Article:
From PeopleCode to Java

This section provides an overview of Java state management concerns and present examples of instantiating Java objects.

The application server is stateless, which means that it doesn’t keep any information (state) for its clients between calls to it. For one reason, calls to the application server can actually execute on different servers. When you are using Java in the application server, be careful to not leave state in the JVM that would cause your application to fail if a different application server (which would use a different invocation of the JVM) is used for subsequent calls. One method to leave state in the virtual machine is to use static (class) variables.

Similar considerations to these apply using Java in Application Engine programs, although here the difficulty arises when you try to checkpoint and then restart the program. The restart starts with a JVM invocation that doesn’t have any of the state you might have stored into the JVM before the checkpoint.

Variables of the type JavaObject cannot have global or component scope because of this lack of ability to save the state of these objects.

An example of this is issuing messages. When you're running with PeopleSoft Pure Internet Architecture and issue a message, the message is produced by an end-user action, so the Application Server gathers up its state to return it to the browser. This state saving attempts to save the current PeopleCode execution state, causing it to issue an error because of the JavaObject.

The solution is to not have any non-null JavaObject objects when the message is issued.

The following is a simple Java program:

public class PC_Java_Test{

public String pcTest(){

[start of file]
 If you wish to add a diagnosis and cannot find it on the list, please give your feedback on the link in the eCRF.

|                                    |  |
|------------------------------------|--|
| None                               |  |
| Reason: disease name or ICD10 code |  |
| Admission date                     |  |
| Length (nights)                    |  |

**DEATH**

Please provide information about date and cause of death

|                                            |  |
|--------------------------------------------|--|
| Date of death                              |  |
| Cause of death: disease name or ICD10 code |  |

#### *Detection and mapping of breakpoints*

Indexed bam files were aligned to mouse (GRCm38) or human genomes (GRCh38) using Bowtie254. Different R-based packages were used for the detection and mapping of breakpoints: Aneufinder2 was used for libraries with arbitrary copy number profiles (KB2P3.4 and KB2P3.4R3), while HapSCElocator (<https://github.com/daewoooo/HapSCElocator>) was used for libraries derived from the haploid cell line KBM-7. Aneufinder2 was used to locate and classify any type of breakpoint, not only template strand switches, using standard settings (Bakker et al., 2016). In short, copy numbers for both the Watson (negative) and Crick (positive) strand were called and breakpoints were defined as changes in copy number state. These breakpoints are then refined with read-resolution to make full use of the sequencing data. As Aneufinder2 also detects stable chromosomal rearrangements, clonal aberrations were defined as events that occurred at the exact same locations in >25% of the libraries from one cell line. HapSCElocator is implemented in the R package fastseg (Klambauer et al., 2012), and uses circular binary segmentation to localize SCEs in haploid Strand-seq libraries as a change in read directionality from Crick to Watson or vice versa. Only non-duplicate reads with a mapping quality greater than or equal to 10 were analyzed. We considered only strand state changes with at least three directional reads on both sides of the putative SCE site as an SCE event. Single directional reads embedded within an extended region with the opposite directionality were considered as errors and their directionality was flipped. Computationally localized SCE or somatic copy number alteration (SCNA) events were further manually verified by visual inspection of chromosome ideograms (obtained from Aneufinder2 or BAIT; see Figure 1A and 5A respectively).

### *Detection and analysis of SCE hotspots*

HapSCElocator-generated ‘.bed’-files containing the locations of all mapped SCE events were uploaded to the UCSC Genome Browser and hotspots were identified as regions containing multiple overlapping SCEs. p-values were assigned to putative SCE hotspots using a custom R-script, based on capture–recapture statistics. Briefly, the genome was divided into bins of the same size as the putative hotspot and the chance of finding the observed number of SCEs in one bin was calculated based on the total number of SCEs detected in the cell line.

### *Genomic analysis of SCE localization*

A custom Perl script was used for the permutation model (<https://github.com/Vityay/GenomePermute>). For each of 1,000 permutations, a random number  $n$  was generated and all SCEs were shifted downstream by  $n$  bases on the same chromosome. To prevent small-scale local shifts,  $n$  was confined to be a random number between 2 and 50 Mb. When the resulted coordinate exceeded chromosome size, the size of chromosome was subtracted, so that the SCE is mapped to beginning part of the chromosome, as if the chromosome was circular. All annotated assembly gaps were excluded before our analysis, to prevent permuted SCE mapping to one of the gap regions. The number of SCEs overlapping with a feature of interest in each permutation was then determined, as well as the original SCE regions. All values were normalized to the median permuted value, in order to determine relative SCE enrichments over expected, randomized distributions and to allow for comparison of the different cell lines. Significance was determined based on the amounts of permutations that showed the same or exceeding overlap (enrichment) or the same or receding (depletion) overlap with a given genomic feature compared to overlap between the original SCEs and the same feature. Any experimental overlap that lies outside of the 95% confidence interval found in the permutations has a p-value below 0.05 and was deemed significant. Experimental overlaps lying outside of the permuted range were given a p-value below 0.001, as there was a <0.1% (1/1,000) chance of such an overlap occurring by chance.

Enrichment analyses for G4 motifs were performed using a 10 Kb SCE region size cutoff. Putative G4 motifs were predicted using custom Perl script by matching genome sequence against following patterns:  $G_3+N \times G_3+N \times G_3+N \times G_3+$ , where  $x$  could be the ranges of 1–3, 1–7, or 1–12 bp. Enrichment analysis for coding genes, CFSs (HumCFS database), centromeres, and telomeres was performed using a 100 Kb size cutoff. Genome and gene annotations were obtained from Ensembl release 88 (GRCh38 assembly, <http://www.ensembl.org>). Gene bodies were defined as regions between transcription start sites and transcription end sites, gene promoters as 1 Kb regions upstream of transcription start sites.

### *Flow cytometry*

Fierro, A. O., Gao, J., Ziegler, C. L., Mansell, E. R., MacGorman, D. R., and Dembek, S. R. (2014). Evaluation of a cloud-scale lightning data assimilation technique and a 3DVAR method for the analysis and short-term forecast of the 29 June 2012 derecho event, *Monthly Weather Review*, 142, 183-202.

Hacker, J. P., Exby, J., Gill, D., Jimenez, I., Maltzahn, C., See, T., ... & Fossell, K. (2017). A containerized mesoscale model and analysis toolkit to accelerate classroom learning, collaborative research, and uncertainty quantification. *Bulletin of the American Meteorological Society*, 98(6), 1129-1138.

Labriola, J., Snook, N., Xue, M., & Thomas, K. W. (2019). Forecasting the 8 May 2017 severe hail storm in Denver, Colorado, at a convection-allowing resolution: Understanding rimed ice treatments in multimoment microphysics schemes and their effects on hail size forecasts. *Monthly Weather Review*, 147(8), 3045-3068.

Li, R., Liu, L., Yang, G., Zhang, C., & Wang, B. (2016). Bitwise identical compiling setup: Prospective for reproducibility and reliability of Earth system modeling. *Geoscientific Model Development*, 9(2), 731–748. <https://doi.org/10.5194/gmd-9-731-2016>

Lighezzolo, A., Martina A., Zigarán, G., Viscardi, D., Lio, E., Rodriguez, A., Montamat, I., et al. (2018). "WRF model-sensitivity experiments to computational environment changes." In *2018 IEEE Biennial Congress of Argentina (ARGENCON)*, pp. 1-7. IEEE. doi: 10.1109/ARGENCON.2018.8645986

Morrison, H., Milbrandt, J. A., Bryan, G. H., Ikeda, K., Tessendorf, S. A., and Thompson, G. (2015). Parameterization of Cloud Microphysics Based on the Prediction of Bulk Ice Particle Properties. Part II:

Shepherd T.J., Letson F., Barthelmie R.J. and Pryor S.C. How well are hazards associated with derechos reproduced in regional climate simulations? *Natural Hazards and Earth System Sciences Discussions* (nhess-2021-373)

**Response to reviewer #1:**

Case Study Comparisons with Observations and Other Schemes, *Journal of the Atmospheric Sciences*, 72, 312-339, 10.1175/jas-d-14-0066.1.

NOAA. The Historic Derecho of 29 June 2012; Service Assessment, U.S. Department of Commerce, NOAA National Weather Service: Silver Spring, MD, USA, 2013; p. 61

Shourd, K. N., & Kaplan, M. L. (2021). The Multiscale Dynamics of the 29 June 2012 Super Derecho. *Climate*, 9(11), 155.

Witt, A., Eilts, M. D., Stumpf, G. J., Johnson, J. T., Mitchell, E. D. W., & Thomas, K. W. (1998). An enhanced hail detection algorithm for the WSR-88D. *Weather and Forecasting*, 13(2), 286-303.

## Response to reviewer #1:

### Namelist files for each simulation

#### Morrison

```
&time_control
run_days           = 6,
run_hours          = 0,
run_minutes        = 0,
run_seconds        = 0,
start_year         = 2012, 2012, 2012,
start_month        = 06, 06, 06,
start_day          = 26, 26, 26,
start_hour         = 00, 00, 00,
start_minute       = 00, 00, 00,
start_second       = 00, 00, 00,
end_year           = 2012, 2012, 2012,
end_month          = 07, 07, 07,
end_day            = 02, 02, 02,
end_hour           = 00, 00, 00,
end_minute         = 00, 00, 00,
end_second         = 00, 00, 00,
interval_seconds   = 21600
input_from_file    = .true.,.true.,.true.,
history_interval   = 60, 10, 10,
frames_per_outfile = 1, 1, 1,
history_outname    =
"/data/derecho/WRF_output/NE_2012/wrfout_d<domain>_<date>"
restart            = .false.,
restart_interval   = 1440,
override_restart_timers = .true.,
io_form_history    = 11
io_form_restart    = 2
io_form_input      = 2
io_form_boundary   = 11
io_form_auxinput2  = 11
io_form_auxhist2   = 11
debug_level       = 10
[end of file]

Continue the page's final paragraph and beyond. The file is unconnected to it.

String message;

   message = "PeopleCode is successfully executing Java.";

   return message;

Here is the PeopleCode that calls this Java program. Note that the JavaObject is set to NULL before the message is issued.

&java_test = CreateJavaObject("PC_Java_Test");
&java_message = &java_test.pcTest();
&java_test = Null;

In SavePreChange, Workflow, or SavePostChange PeopleCode the situation is more complicated. Usually messages with a zero style parameter (no buttons other than OK and perhaps Explain, therefore no result possible except OK) are queued up by the Application Server. They are output by the browser when the service completes, so the serialization won't happen until after the PeopleCode has finished, so you won't have to set your JavaObject to null. With other kinds of messages, you must do this.

The following is an example program creating a Java object from a sample program that generates a random password.

/* Example to return Random Passwords from a Java class */
Local JavaObject &oGpw;

/* Create an instance of the object */
&oGpw = CreateJavaObject("com.PeopleSoft.Random.Gpw_Demo");

&Q = "1";

/* Call the method within the class */
&NEW_VALUE = &oGpw.getNewPassword(&Q, PSRNDMPSWD.LENGTH);

/* This is just returning one value for now */

Suppose we had a PeopleCode array of strings (&Parms) that we wanted to pass to a Java method xyz of class Abc. This example assumes that you don't know when you write the code just how many parameters you will have.

Local JavaObject &Abc, &RefArray;
Local array of String &Parms;

&Parms = CreateArray();

/* Populate array how ever you want to populate it */

&Abc = GetJavaObject("com.peoplesoft.def.Abc");

/* Create the java array object. */

&JavaParms = CreateJavaArray("java.lang.String[]", &Parms.Len);

/* Populate the java array from the PeopleCode array. */

&RefArray = GetJavaClass("java.lang.reflect.Array");

For &I = 1 to &Parms.Len
   &RefArray.set(&JavaParms, &I - 1, &Parms[&I]);

/* Call the method. */

The following example gets a system class.

&Sys = GetJavaClass("java.lang.System");
&Sys.setProperty("", "C:\java\policy");

WinMessage("The security property is: " | &Sys.getProperty(""));

&Props = &Sys.getProperties();
&Props.put("", "C:\java\policy");

WinMessage("The security property is: " | &Sys.getProperty(""));